Real Life Incredibles

     In my day to day life I know so many incredible people that are doing amazing things. They are real life super heroes. They make me want to be a better person, to make better choices, to slow down and really listen to the people that surround me in life.
     I have a dear friend I have known since I was 5 years old. That in itself has been such a gift to me, 4 plus decades of friendship. She was always a leader, even when we were little kids, always a great student, and an all around good kid. And she has become this incredible adult that is doing amazing things in so many communities as a social worker-for children, for those with severe illnesses, and so many more.
     Her latest, most important work of service and of her heart was as she cared for her terminally ill mother. My friend was careful, kind, loving, gentle, and managed to keep her families characteristic humor intact as she posted about their struggles, hopes, fears, and happy moments, even in this.
     She leads by her example. It makes me want to be a better daughter to my mother while I still have the opportunity to do so. My mother and I don't always see eye to eye. She has had issues with severe health problems, depression, and other things  since I was a small child. Somewhere along the way, it ended up contributing to me being a bit head strong, which can be difficult when both parties in a relationship share the same traits. 
     But my friend's example causes me to pause, to really listen, and to remember. My mother's mother is gone, a grandma that I loved dearly. One way I can still actively love my grandma, is to love her daughter and help when I can. This can mean a box of doughnuts from her favorite bakery, a driver to a surgical procedure, or a pan of homemade lasagna-from my dad's recipe.
     I live in the Midwest. We are currently experiencing the thrills of a polar vortex. As exciting as that sounds, it's really not. There are whole populations of people in grave danger because of the extreme cold, my elderly parents being part of one of the vulnerable groups.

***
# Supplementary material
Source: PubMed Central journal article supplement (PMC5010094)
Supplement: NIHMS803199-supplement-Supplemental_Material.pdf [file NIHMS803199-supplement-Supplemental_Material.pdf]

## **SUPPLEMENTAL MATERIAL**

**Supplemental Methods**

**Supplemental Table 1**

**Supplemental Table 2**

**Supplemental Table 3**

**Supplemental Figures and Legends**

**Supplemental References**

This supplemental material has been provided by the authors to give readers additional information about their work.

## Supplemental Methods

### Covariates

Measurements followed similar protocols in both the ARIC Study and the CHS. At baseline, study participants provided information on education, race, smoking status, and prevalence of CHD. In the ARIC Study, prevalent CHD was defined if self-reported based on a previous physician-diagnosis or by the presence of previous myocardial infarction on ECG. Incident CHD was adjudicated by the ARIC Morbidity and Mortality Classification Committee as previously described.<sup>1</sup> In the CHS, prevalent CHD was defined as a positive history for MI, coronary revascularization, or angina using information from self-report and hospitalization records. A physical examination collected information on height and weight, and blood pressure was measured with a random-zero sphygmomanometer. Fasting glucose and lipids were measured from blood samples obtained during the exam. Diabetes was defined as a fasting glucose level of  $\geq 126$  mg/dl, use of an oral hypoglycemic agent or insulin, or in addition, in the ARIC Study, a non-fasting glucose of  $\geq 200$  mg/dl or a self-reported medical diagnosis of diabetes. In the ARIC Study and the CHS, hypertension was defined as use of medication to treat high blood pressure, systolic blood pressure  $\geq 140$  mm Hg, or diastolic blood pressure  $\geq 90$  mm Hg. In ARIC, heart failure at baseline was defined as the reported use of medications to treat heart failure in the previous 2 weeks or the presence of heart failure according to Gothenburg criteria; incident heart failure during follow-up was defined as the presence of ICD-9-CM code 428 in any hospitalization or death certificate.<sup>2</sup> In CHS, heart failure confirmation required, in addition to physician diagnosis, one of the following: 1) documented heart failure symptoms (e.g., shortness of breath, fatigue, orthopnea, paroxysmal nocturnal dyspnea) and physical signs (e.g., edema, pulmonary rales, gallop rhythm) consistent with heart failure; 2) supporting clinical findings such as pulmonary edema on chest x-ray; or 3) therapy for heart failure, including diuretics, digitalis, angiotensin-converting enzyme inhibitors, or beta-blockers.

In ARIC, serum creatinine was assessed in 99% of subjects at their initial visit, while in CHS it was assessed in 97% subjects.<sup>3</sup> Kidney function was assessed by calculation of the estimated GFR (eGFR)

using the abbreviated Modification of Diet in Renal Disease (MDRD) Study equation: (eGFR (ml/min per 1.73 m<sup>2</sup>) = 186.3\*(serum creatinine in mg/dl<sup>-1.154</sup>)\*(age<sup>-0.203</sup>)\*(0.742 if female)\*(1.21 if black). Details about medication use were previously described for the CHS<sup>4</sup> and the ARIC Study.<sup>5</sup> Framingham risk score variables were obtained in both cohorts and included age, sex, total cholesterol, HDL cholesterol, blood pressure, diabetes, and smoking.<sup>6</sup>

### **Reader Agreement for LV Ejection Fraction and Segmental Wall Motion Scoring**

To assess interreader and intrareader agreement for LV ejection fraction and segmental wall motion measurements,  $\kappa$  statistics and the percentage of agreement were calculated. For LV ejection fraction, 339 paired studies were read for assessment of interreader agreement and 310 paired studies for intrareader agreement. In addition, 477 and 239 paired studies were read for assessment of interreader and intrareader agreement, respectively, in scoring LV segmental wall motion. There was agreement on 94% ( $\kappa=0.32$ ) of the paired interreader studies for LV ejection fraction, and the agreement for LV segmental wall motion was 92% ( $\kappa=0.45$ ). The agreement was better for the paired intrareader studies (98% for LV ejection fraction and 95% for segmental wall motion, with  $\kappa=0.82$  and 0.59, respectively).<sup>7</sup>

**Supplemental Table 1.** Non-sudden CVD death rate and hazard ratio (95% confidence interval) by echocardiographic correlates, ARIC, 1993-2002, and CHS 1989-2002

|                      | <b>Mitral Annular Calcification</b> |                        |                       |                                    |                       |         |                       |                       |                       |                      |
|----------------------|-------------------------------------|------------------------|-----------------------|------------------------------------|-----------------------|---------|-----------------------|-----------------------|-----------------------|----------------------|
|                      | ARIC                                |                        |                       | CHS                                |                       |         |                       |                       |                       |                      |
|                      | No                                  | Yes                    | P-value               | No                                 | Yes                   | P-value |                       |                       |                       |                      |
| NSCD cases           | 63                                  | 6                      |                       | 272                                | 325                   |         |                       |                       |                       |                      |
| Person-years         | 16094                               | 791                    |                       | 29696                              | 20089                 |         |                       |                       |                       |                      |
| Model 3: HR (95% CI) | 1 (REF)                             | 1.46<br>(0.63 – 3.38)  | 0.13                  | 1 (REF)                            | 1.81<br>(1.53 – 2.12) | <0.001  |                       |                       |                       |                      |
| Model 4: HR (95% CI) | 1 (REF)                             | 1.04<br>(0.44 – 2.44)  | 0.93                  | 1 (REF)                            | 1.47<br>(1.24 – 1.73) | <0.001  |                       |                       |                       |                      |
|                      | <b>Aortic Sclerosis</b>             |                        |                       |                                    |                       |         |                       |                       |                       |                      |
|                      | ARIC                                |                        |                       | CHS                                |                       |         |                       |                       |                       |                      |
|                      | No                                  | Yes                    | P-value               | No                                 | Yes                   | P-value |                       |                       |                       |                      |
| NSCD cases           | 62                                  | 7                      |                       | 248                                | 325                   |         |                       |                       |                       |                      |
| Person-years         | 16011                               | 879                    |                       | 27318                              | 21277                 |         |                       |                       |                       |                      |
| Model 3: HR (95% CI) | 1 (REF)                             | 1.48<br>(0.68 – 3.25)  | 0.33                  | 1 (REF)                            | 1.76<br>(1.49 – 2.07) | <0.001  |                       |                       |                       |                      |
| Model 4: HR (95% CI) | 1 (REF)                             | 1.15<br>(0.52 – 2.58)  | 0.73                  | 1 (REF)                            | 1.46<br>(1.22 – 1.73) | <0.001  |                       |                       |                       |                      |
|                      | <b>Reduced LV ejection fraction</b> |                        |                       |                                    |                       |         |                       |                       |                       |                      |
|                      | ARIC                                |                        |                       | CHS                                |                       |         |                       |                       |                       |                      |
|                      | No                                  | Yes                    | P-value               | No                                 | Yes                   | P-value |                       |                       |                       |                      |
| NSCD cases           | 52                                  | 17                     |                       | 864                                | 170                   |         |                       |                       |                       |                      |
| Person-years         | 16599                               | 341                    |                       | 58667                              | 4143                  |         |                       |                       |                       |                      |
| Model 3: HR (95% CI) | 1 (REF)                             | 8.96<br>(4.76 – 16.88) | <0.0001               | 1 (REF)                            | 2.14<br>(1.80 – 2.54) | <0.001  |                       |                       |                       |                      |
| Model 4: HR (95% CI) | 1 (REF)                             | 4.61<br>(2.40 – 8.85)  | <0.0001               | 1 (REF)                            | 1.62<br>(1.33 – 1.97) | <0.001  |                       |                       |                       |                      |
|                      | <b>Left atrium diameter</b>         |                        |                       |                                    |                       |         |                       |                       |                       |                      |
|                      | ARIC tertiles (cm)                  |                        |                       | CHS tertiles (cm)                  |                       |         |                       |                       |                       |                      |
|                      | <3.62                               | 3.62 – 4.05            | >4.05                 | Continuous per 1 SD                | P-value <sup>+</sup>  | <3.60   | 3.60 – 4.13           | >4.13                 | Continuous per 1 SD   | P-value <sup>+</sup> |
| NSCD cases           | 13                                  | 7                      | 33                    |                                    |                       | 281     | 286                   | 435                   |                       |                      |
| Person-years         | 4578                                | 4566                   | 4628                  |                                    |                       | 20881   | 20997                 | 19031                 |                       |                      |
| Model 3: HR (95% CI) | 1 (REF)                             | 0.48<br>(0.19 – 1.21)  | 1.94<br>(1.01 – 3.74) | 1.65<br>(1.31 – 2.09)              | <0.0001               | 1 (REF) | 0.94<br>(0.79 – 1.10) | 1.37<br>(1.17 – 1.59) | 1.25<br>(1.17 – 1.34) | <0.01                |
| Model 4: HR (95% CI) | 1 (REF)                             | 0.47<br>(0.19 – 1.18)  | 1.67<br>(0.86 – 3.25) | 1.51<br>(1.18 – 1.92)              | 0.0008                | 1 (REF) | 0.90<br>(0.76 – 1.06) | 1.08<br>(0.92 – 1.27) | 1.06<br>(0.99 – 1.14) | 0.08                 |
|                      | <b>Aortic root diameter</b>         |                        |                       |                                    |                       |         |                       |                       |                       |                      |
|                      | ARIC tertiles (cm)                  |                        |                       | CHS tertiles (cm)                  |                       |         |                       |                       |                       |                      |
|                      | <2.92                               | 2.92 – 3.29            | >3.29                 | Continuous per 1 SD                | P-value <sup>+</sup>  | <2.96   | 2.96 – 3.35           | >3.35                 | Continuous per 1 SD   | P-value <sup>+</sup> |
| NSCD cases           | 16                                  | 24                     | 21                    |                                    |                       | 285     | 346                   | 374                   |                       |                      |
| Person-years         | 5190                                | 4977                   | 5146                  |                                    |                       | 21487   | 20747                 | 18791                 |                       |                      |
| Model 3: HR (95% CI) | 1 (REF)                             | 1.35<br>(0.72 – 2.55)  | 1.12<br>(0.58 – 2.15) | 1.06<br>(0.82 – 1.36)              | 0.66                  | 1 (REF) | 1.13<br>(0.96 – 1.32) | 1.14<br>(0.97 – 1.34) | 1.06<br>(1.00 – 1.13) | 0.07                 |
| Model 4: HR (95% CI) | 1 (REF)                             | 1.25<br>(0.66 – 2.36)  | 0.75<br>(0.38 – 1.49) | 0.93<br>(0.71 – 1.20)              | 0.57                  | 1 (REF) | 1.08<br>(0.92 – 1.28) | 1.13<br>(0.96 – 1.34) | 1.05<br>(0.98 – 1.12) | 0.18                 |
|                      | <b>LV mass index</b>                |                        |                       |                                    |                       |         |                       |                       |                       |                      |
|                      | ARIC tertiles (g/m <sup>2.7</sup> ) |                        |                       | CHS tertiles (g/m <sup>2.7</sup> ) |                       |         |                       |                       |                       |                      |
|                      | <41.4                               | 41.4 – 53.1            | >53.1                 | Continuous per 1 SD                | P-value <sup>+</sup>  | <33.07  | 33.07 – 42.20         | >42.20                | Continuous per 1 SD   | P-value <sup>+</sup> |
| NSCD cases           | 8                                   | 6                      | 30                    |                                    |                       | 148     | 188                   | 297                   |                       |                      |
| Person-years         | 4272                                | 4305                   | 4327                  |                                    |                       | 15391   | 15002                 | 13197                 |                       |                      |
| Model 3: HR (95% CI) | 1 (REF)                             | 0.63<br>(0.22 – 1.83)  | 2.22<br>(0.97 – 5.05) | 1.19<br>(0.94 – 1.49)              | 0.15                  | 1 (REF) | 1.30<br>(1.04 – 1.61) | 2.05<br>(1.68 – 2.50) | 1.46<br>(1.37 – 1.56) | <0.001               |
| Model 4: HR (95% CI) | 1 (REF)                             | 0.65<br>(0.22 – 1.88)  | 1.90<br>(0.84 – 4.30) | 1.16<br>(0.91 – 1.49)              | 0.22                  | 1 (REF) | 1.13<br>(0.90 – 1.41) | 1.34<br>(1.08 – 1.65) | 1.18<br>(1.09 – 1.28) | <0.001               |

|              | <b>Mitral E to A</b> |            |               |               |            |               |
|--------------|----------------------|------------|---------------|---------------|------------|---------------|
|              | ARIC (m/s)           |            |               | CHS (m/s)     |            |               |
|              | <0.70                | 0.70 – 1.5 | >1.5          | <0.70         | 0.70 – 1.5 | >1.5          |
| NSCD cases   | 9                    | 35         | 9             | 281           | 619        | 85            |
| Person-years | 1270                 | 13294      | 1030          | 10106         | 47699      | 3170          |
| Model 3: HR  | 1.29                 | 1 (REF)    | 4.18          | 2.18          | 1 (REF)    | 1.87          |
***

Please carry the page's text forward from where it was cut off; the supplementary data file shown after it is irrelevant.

So, the other day started off rather poorly in a series of unfortunate occurrences-a million inches of lake effect snow, and the street plow and sidewalk plow coming through at about the same time. This led to my husband's car being stuck at the end of our driveway. 
     My husband and I were feverishly trying to shovel and shove his car free-when out of the darkness emerged a real life super hero-a gentleman with a truck with a plow-said his work was closed and he was driving around helping people. He helped us free my husband's car and plowed our driveway. 
     I was hoping to ask him to check on my very elderly parents when I was going to pay him. He didn't want any money. I was speechless and started to sob. I hated to ask if he would check on my parents-but he asked what was wrong-and then he wrote their address down and said he would drive right over. 
     He said-"Oh, that's right by my school." It turns out he is the principal of the middle school by my parents house. And he did just that-drove right over and plowed out their whole driveway-so my almost 80 year old father will be able to take my mother to her doctor appointment later this week. 
     I have always been a huge fan of Holland Public Schools for what they do for the students--and I also want to say how grateful I am for what they do for our whole community!